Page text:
Though the lie satisfied all our egos at that time, it started pricking my conscience in no time. I went for a long walk in the cold weather and spent sometime introspecting the situation. When I returned back to the tent, I directly walked to the trek leader's tent and broke the truth. I explained the situation to him and additionally told him what made us tell a lie about his condition at the time of inquiring. Though he was pretty upset with our approach, he was very thankful for me opening up at least later. Straight away we both went to check his condition. As expected he was running high on fever and had all the symptoms of AMS. Since our guide was an experienced person, he had the medication in hand to handle the sickness. He gave my friend a tablet and advised him to drink loads of water & urinate regularly that night. I later went to bed with a little satisfaction of telling the truth!

Thankfully my friend's situation became all fine in the morning and he was feeling much better & willing to continue with the trek. That afternoon over lunch, our guide offered me special thanks appreciating my decision to open up and speak truth instead of concealing my friend's condition. It was when he told us about one of his bitter experience from the previous trek when people simply hid the fact about their fellow trekker suffering from diarrhea (to continue with their trek) and went on trekking to higher altitudes. Due to the heavy lack of body fluids, that trekker's condition worsened on the higher slopes and he developed AMS. It was too late when the group figured that. By the time emergency evacuation was called and he was brought down to the plains, the trekker sadly breathed his last. It was when it stuck me how that simple of decision of telling the truth was just the right decision to do!! My happiness and satisfaction found no bounds that moment. Later my friend slowly got adopted to the altitude conditions and we all went on to complete the trek together happily and successfully!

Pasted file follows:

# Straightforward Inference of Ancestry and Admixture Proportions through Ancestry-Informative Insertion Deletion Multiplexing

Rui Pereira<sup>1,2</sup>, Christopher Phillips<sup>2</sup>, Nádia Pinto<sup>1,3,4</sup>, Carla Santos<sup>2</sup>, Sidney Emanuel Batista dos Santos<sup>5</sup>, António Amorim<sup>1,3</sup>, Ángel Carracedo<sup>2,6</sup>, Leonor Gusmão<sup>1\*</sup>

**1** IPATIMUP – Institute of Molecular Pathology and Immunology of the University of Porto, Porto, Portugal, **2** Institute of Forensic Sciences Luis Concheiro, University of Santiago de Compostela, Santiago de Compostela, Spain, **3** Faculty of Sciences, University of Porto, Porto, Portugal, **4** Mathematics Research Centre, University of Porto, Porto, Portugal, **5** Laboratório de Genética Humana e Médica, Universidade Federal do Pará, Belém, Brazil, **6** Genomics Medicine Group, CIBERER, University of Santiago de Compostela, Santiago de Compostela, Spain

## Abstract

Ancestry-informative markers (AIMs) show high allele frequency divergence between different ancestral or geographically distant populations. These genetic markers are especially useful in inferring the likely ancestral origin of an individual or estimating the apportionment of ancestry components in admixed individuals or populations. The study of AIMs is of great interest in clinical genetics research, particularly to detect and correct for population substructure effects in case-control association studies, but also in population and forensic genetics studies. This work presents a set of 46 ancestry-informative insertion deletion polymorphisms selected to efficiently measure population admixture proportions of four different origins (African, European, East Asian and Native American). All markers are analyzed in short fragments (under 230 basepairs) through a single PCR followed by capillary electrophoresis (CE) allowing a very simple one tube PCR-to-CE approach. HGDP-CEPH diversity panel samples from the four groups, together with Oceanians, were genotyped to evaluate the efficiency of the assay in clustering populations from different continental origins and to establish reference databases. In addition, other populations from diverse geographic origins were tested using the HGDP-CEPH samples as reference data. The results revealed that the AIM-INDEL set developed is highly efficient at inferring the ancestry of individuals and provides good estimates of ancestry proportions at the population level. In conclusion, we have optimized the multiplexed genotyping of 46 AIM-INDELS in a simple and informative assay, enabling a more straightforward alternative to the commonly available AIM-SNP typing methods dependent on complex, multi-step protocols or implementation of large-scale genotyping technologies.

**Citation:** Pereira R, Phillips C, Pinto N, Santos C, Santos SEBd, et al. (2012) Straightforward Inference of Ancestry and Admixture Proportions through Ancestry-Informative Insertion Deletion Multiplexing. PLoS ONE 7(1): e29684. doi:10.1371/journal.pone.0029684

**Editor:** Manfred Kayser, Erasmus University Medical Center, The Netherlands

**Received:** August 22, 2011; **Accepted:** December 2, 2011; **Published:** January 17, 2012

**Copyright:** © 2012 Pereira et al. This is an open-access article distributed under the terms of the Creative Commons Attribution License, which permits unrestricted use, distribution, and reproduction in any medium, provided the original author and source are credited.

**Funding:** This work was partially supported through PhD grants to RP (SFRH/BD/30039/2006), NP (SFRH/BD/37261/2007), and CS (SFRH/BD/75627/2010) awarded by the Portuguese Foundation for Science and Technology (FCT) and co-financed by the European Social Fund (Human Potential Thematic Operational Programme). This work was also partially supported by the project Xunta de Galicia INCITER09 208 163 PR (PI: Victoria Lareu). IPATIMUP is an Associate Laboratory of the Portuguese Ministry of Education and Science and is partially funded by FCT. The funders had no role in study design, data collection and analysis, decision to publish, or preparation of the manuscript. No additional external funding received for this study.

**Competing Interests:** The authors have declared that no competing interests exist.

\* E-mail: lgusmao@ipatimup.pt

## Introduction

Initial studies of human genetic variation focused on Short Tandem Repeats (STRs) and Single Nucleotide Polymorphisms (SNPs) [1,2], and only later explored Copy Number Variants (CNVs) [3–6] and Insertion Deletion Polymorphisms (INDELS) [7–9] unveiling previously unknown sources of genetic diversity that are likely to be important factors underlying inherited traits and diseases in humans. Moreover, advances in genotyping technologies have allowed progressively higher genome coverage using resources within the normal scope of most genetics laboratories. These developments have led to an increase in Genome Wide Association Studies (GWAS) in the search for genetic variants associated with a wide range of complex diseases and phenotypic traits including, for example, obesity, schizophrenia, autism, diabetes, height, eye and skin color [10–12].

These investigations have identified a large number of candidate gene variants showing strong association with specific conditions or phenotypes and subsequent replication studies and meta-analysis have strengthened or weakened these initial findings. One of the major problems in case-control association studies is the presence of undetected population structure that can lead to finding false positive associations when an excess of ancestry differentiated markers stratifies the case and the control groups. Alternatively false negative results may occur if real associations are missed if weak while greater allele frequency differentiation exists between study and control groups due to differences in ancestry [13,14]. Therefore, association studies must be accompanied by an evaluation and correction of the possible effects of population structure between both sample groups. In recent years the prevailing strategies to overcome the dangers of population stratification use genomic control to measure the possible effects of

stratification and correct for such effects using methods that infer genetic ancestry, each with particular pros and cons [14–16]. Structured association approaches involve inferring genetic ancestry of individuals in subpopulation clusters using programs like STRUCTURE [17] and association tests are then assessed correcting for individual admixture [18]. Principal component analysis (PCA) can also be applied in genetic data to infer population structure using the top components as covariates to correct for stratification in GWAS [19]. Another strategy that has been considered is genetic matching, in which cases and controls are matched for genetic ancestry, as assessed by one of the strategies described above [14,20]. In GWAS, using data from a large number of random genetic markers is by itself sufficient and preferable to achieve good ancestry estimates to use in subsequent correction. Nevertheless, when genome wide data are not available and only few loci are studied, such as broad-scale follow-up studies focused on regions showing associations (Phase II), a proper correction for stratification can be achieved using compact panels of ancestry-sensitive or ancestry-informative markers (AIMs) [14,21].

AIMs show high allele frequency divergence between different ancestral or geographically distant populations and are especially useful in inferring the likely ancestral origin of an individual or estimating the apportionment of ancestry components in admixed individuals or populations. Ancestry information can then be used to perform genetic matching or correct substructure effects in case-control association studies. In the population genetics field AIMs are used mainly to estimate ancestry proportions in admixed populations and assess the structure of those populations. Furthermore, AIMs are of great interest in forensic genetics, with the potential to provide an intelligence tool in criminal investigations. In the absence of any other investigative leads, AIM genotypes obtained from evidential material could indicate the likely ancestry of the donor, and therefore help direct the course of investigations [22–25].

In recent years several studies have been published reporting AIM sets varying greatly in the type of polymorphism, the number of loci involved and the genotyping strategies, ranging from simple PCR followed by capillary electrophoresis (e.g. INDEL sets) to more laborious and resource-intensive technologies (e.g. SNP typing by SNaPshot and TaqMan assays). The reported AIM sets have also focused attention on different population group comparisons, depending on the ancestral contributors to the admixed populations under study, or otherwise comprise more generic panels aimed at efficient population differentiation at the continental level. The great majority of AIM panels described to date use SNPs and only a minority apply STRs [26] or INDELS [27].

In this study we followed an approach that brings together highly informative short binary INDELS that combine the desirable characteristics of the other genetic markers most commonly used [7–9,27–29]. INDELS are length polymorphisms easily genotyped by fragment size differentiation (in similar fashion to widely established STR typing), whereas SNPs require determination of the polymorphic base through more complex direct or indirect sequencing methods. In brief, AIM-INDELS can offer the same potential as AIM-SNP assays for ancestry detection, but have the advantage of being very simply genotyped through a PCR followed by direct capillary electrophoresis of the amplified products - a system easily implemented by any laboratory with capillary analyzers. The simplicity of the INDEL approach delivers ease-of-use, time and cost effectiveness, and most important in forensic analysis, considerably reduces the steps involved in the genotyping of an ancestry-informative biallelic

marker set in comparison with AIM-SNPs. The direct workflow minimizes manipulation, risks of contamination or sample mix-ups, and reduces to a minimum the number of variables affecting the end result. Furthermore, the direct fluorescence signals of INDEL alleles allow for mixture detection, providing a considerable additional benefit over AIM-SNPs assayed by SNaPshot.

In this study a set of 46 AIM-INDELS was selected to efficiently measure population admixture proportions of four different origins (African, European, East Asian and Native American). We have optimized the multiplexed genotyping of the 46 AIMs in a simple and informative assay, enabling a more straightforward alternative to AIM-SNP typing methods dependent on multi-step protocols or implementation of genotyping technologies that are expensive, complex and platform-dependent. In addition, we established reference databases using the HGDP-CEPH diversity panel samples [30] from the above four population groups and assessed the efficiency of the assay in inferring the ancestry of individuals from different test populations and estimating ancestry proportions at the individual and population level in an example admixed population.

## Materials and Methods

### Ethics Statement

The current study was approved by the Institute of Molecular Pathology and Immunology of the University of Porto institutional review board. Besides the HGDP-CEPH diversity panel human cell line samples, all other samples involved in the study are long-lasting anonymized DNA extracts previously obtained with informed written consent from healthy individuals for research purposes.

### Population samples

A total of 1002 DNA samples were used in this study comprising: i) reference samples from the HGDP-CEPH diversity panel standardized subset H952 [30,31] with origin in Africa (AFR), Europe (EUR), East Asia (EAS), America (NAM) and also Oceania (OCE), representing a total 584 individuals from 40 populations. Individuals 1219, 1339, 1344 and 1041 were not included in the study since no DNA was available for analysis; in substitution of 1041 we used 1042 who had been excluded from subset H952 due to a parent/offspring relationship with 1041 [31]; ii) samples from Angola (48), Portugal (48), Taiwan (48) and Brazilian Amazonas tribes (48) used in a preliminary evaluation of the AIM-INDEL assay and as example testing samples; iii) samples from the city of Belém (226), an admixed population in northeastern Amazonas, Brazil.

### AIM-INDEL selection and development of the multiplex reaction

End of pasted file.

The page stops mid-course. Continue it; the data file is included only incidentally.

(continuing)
In all this, I learnt an important lesson that a lie will only bring happiness for a short while but will keep pricking the conscience forever. Holding on to the nerves and speaking the truth will permanently bring happiness and satisfaction in life!! Check out this wonderful Kinley 2014 TVC that demonstrates this simple truth in life in a more beautiful way :)

PS: This blog post was written as part of IndiBogger topic "Kitna chain hota hai na sachchai mein"